• Energy-related emissions were down from heat (-1.0 MtCO2) and electricity generation (-0.2 MtCO2), but up from transport (+0.7 MtCO2).
  • 35.6% of energy-related emissions came from heat, 34.3% came from transport, and 30.1% came from electricity generation.


  • Energy demand for transport was 19.9% higher than in 2021, as travel patterns continued to rebound to pre-COVID levels.
  • Total transport energy demand has rebounded to 95% of pre-COVID 2019-levels.
  • 93.9% of road transport energy demand came from fossil fuels.


  • Demand for electricity was 2.5% higher than in 2021, consistent with the annual growth of recent years.
  • The carbon intensity of Ireland’s electricity was 332 gCO2/kWh.
  • 49.2% of the electricity indigenously generated in Ireland came from gas.
  • 38.9% of electricity generated in Ireland came from renewables.
  • Practically all new electricity demand in the last decade has come from the commercial services sector.
  • Electricity demand in the commercial services sector has increased by 61.5% since 2012, while the electricity demand in all other sectors has increased by just 8.0%.
  • Electricity demand in the information & communication sub-sector has increased by 562% since 2012.
  • In 2022, 82% of all information & communication electricity demand came from data centres.


  • Total heat demand was 7.3% lower than in 2021, but that reduction was not evenly distributed across all sectors of the economy.
  • Heat demand in the residential sector was 13.8% lower than in 2022, driven by a combination of weather effects, return-to-office trend, and demand reductions due to high energy prices.

2023 Highlights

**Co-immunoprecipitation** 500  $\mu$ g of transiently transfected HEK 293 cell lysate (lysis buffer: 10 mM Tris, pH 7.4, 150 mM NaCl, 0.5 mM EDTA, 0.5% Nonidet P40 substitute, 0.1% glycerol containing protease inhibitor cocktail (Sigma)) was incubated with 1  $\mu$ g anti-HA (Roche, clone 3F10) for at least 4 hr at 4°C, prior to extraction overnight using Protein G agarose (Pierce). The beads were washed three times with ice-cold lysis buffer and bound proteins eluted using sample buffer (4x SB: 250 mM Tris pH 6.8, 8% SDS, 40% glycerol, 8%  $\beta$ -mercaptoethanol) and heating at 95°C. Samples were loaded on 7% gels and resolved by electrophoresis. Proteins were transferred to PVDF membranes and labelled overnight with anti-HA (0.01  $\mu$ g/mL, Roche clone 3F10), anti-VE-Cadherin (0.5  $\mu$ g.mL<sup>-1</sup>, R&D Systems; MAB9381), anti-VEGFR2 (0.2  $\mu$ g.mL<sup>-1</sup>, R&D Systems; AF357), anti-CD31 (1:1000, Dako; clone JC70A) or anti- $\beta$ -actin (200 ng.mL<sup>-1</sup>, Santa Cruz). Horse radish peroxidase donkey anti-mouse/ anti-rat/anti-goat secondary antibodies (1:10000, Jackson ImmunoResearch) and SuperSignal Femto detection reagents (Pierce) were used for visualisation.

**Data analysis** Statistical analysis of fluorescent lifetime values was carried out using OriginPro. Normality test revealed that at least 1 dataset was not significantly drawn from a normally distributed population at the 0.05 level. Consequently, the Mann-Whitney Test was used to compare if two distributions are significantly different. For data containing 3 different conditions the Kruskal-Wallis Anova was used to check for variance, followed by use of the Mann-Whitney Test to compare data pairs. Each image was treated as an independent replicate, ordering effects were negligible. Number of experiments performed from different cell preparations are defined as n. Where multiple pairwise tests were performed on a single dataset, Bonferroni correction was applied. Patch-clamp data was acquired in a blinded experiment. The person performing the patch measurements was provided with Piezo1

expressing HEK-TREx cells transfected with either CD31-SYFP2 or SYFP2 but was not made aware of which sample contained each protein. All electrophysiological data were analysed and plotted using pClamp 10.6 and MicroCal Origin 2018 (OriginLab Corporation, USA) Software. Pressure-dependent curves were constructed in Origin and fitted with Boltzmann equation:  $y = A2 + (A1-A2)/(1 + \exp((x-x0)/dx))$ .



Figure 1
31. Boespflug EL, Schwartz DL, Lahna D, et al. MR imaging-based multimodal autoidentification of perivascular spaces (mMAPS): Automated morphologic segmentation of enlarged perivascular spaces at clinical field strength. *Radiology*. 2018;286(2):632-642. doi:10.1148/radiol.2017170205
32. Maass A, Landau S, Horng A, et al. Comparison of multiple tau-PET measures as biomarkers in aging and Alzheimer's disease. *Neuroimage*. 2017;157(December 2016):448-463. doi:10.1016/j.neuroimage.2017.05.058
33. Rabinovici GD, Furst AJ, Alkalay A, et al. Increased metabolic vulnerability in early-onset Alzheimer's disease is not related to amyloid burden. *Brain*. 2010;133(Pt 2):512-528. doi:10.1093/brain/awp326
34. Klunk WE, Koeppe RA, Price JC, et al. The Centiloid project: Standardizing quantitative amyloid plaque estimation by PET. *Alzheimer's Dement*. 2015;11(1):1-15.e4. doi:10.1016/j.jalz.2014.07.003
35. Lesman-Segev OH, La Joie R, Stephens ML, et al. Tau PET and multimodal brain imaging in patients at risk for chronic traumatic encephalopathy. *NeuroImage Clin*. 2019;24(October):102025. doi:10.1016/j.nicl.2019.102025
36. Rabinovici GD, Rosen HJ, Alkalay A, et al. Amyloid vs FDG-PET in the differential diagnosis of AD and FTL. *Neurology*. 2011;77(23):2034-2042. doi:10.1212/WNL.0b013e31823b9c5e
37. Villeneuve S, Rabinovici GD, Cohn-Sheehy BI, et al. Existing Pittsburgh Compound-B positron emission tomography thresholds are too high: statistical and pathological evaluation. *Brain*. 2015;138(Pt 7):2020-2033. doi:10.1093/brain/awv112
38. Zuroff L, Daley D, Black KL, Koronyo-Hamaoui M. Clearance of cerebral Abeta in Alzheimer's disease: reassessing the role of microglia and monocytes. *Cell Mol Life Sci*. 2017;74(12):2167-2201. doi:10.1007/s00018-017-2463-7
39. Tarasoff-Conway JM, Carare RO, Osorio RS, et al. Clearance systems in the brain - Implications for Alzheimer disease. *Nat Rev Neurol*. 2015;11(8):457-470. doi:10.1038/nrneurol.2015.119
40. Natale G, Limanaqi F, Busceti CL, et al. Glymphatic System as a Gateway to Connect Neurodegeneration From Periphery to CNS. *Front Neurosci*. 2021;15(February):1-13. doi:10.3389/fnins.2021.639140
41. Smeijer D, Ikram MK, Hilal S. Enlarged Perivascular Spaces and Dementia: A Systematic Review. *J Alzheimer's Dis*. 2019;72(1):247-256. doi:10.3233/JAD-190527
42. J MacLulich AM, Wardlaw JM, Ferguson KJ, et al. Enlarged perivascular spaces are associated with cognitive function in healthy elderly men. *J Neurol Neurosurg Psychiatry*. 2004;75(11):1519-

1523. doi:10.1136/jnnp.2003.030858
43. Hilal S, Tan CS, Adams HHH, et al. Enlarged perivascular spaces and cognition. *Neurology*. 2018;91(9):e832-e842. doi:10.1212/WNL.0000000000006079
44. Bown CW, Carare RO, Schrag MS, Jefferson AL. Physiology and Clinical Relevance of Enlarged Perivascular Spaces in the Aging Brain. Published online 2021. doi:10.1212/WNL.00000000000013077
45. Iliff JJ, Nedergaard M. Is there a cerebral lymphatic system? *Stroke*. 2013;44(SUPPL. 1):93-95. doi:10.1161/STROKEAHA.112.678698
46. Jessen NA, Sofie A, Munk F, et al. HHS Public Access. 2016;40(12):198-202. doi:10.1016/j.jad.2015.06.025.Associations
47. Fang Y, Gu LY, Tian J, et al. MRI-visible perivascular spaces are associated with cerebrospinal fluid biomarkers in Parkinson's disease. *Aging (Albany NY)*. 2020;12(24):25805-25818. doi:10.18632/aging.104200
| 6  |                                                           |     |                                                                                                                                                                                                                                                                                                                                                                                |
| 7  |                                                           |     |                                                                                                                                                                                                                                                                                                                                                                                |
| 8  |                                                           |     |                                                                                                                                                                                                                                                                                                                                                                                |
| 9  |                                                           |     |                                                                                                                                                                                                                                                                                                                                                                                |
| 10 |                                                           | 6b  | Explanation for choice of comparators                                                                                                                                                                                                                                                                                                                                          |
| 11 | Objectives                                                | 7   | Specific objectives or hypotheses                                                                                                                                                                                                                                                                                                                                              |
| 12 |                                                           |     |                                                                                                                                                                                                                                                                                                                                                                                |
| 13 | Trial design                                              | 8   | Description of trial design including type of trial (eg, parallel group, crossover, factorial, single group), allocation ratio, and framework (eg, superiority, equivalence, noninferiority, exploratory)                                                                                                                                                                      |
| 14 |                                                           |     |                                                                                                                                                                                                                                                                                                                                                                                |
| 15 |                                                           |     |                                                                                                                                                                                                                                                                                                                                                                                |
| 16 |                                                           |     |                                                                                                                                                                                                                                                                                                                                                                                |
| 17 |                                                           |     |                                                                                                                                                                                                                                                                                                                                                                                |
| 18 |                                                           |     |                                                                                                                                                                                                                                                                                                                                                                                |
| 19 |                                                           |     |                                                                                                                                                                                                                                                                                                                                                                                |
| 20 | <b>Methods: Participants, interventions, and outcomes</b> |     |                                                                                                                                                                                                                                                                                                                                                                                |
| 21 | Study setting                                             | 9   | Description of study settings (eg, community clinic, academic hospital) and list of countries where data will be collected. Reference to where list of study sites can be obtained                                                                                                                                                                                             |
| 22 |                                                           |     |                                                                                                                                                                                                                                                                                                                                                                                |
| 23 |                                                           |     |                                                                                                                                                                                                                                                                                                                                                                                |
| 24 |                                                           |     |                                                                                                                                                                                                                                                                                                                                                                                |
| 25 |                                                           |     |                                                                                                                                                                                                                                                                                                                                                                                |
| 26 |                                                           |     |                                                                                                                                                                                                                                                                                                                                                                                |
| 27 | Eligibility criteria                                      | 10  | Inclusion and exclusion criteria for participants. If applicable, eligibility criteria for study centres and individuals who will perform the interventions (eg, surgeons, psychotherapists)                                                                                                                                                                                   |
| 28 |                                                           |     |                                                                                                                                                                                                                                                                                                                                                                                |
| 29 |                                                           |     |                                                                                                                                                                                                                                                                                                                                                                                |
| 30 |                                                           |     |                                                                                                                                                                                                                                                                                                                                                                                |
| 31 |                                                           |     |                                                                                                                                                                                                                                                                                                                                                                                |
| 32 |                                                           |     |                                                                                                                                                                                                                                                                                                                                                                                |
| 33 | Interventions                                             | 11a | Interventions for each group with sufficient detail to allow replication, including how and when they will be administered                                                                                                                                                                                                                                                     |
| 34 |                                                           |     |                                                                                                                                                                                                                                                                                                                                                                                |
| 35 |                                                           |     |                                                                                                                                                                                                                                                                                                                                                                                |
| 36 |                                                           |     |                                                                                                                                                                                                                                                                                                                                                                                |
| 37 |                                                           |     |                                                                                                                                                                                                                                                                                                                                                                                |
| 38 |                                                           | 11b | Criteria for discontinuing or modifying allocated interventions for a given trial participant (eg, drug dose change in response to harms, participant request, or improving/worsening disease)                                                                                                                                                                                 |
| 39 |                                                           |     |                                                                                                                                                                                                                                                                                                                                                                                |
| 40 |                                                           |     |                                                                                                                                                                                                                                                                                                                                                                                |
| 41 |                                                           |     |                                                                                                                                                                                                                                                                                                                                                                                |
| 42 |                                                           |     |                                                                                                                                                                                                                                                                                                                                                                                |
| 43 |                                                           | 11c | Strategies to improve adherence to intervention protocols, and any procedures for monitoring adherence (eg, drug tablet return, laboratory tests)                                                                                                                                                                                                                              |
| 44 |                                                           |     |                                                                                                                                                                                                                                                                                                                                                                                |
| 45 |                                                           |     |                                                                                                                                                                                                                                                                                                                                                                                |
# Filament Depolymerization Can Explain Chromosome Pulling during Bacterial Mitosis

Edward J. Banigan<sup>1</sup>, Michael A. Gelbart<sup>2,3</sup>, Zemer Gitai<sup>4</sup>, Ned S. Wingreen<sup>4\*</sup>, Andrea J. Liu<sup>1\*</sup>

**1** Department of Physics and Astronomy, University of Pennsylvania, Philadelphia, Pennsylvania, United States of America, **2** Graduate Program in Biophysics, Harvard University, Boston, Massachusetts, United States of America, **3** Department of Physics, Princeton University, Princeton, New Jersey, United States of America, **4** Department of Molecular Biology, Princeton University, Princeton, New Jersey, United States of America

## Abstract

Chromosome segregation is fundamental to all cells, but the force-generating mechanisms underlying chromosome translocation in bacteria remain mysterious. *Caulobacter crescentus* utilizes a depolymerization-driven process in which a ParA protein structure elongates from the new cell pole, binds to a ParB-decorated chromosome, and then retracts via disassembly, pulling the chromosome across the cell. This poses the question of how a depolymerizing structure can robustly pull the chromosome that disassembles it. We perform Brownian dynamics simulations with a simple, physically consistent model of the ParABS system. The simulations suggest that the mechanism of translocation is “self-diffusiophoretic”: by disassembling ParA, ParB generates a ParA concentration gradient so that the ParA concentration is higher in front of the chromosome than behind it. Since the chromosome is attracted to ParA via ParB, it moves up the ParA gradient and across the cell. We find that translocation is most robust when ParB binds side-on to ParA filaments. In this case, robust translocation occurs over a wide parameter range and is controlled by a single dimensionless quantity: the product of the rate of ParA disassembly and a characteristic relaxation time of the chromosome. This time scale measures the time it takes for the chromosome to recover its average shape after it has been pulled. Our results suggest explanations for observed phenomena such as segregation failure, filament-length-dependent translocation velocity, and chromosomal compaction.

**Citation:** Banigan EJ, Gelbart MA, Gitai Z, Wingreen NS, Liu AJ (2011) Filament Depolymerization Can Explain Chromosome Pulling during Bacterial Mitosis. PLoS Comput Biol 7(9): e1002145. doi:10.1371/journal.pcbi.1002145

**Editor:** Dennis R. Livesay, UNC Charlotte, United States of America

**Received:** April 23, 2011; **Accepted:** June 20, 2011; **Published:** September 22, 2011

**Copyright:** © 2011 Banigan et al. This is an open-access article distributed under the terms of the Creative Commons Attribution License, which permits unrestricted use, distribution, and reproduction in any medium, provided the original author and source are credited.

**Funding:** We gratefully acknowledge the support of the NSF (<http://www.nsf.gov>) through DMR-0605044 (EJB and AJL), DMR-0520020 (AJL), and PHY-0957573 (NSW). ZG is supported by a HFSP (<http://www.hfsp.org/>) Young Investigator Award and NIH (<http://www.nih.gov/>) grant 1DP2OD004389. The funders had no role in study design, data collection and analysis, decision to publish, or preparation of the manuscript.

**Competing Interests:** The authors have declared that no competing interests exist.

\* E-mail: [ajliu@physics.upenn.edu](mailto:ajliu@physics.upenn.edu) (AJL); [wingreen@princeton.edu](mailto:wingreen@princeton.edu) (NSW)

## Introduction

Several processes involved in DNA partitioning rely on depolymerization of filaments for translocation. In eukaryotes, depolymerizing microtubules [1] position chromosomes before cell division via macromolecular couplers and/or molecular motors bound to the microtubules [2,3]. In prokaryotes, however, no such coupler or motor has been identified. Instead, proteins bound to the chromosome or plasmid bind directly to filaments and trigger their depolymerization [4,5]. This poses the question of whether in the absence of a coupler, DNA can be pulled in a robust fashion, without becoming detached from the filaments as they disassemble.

Using early provisional data from January to September 2023, SEAI can make best estimate extrapolations for energy demand and emissions to the end of 2023. These best estimates are leading indicators for 2023 and are not definitive results.



  • Diesel demand may be 1.3% higher than in 2022 and reach 98.3% of the pre-COVID demand observed in 2019.
  • Petrol demand may be 7.4% higher than in 2022 and reach 96.5% of the pre-COVID demand observed in 2019.
  • Transport emissions may be 11.8 MtCO2e, up slightly on 2022 emissions.



  • In the first 9 months of 2023, Ireland imported 9.1% of its electricity supply, up from 1.1% in 2022.
  • The increased use of imported electricity has significantly reduced Ireland’s electricity emissions.
  • Electricity emissions may be 7.3 MtCO2e, down significantly on 2022 emissions.
  • The carbon intensity of electricity may be 259 gCO2/kWh, down significantly on the 2022 value.
  • Electricity generation from utility-scale ‘solar farms’ may reach 0.4 TWh, approximately twice that of rooftop solar
energy in ireland 2023 front cover

Energy in Ireland Report

The full report presents the latest national data and trends on energy efficiency and renewable energy in Ireland. It also looks at how these energy trends relate to Government and EU renewable energy targets.

Download the report